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Public Criminologies: Diverse perspectives on academia and policy

McLaughlin, E. & Chancer, L. (2007). Public Criminologies: Diverse perspectives on academia and policy. Theoretical Criminology: an International Journal, 11(2), pp. 155-173. doi: 10.1177/1362480607075845


The origins of this Special Issue of Theoretical Criminology can be located in a ‘Modernizing Criminal Justice’ conference that we both attended in London in June 2002. The high-profile event was co-sponsored by John Jay College of Criminal Justice, New York, the Metropolitan Police and the FBI. Broadcasting crews were on hand to digest the plenary speeches of senior representatives of the British government, the judiciary and law enforcement agencies. It was also a highly corporate event, promoting the commercial products of global security and IT companies specializing in criminal justice ‘problem solving’. The opening session of the conference featured a slow motion replay of the 9/11 attacks on the Twin Towers with a voice-over informing the audience that the course of criminal justice had changed forever. This ‘post 9/11’ global war on crime and terrorism theme echoed throughout the plenary speeches and keynote sessions. What was striking was the relegation of the scheduled criminology workshops to the margins of the conference. This set off a discussion between us, during a coffee break, about why academic criminological knowledge was extraneous to the interests of the policy audiences brought together by this conference. And, of course, this quickly moved to discussion of whether criminologists should have a central place in such a forum. But while this is how our interest in criminology and public policy was initially sparked, we later found ourselves trying to pinpoint, more systematically, the different positions criminologists have taken on questions of their relevance and status within larger public policy debates.2 Our purposes in this introduction, and in the Special Issue that follows, are twofold. One aim is to outline a range of views that have been offered by academic criminologists on the discipline’s public status and its relationship to public policy formation and intellectual practice. A second goal is to argue the need for a diversity of ‘public criminologies’ wherein explicit value is placed on moving policies in more progressive directions. Our own point of view is that much more could be done than at present, particularly since there would seem to be broad criminological consensus about many policy issues facing us including punitive policies around the globe as well as the detrimental consequences of a range of harms and risks.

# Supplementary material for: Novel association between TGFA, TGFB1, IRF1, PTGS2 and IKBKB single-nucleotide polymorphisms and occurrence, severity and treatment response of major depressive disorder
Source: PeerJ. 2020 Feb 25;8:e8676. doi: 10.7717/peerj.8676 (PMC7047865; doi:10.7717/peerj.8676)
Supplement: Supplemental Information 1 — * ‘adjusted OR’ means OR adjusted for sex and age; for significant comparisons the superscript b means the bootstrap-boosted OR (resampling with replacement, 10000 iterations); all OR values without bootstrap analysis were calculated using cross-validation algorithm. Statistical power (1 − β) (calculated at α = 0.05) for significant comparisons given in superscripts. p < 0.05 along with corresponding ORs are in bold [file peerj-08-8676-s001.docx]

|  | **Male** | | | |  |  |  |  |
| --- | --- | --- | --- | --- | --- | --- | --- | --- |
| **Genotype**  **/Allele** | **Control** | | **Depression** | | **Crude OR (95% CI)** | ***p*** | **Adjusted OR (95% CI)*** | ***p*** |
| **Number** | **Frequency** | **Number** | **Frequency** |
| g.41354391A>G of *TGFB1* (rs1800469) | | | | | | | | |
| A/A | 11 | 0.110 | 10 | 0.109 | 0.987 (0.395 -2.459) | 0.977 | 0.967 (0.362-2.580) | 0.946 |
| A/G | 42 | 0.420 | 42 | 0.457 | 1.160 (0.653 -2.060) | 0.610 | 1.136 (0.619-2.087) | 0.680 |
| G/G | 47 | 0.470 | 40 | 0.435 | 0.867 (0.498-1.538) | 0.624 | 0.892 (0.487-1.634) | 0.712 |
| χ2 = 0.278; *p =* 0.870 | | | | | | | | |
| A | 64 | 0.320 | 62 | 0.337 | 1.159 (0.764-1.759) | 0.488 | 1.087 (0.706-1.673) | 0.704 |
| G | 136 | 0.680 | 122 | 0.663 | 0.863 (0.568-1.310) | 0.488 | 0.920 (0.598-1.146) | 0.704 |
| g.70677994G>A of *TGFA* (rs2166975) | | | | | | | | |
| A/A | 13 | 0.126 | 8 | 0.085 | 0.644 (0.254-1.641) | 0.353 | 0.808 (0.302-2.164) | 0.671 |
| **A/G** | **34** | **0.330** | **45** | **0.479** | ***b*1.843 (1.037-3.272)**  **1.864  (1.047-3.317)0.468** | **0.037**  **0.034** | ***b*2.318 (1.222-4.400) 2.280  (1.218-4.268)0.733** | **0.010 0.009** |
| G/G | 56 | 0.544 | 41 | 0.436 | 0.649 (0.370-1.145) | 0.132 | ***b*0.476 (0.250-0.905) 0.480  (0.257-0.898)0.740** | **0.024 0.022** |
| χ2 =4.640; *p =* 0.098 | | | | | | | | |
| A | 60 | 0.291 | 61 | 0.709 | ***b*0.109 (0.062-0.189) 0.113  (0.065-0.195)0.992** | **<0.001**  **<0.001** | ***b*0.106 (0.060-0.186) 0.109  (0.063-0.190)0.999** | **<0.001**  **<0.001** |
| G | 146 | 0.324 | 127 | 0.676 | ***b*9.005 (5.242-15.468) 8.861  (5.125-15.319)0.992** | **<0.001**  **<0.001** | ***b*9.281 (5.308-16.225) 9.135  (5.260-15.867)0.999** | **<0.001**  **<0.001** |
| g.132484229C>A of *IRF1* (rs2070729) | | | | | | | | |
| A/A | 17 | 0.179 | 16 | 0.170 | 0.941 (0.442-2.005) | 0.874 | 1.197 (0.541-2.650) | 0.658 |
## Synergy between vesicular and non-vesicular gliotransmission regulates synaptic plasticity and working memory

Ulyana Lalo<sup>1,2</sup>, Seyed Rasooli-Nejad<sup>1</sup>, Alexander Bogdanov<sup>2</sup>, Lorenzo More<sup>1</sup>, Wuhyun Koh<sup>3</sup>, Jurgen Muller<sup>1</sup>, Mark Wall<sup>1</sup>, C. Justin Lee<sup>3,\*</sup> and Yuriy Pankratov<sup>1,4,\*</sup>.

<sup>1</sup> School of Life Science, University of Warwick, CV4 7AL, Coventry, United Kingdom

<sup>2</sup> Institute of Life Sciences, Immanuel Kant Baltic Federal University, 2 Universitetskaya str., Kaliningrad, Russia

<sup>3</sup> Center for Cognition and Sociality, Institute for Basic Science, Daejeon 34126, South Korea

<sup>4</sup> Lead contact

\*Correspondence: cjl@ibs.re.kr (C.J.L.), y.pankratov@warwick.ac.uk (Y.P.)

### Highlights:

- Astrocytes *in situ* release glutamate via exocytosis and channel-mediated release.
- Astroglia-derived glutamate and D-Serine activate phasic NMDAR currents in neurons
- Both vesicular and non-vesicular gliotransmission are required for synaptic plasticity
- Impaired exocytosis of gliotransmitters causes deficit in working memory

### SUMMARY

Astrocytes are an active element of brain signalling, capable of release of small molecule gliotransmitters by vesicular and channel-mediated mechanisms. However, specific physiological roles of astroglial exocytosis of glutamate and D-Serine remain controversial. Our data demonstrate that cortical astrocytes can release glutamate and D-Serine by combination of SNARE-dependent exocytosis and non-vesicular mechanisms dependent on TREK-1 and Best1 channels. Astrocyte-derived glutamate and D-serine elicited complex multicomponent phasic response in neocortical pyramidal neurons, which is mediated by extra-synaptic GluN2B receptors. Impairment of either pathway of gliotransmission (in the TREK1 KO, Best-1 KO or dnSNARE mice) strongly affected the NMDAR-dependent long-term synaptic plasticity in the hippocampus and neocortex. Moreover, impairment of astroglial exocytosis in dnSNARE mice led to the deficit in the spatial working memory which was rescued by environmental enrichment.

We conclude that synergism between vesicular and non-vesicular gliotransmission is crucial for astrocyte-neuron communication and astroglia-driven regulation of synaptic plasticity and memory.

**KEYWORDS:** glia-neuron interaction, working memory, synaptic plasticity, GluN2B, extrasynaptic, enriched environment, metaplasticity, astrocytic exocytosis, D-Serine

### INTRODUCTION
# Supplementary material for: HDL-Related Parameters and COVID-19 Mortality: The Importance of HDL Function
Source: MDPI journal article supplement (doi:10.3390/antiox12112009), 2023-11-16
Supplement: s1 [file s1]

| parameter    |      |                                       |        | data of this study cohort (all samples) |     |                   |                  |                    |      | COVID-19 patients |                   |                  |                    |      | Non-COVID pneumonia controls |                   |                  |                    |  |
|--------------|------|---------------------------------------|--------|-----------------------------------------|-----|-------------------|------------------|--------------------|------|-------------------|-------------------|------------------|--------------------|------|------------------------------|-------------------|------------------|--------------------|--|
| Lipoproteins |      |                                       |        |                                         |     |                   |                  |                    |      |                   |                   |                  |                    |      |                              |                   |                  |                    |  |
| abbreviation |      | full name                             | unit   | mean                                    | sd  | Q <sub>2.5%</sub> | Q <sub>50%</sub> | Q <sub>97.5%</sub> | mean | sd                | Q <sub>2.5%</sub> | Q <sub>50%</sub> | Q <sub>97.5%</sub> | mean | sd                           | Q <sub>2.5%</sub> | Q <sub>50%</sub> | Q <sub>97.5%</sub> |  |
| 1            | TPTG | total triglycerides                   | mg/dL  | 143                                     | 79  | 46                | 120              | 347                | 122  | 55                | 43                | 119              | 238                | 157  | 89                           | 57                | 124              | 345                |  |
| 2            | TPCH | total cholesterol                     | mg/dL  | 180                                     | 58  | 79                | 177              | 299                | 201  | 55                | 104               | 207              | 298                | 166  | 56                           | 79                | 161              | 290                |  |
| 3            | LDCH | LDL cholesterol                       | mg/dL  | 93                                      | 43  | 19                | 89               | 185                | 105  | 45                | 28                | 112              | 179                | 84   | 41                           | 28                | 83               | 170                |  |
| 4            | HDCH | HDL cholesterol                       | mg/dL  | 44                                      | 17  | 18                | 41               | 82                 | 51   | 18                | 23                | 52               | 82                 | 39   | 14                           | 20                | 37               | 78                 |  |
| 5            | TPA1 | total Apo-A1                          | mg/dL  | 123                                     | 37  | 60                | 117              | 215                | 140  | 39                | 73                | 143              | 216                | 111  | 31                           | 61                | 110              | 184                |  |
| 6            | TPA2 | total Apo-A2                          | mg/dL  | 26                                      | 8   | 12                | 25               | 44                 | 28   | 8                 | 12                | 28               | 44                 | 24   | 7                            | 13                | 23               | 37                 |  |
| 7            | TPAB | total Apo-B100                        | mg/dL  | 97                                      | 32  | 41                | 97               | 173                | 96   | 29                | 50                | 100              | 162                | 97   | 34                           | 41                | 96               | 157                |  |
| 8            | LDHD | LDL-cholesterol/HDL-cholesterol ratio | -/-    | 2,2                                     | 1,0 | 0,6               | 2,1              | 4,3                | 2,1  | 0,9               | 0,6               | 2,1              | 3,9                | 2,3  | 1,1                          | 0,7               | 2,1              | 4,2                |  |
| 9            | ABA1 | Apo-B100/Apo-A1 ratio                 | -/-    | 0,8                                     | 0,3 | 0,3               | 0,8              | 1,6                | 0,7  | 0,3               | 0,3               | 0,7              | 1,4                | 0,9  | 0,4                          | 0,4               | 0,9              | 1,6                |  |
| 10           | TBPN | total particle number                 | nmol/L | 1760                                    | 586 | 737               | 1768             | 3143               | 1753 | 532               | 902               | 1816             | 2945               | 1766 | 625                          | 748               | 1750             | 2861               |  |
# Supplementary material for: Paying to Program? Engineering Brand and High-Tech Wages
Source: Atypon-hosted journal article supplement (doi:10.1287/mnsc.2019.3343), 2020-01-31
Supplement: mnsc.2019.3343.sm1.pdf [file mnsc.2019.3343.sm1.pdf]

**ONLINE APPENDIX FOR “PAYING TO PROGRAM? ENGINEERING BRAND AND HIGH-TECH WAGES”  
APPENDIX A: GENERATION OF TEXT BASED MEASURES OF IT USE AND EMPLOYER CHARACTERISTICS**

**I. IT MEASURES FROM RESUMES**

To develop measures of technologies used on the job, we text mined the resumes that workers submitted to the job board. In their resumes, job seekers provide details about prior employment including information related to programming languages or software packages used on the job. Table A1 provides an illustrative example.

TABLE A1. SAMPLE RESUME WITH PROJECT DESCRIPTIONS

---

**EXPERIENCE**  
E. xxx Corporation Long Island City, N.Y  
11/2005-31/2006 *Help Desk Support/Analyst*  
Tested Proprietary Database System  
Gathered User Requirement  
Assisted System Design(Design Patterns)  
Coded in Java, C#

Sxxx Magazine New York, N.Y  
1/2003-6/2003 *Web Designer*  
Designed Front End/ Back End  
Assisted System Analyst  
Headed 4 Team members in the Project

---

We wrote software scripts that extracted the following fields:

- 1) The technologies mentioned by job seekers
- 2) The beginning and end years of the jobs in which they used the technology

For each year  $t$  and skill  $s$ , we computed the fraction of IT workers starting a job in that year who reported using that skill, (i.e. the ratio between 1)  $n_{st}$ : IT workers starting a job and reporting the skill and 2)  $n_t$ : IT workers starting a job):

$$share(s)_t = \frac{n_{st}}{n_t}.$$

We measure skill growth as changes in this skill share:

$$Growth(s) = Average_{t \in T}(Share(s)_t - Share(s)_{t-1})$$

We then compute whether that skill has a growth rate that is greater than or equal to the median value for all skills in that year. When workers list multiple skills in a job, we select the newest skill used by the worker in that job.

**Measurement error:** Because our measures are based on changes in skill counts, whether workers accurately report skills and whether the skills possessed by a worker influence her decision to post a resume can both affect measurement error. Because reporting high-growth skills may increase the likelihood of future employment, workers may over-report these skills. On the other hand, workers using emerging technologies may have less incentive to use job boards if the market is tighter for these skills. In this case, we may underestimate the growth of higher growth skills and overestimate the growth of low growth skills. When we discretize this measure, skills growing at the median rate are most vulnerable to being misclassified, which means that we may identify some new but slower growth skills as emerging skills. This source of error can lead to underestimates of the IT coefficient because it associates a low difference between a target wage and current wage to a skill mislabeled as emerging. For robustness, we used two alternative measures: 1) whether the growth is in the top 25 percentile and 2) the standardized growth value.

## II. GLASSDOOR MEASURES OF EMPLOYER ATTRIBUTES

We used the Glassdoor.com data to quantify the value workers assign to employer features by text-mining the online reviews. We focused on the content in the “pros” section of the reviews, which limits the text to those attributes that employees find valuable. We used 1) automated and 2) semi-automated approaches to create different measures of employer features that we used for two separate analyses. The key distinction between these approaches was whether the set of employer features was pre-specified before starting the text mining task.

Publication Type: Article
Additional Information: Special Issue
Publisher Keywords: 1602 Criminology, 1801 Law
Subjects: H Social Sciences > HM Sociology
Departments: School of Policy & Global Affairs > Sociology & Criminology
SWORD Depositor:
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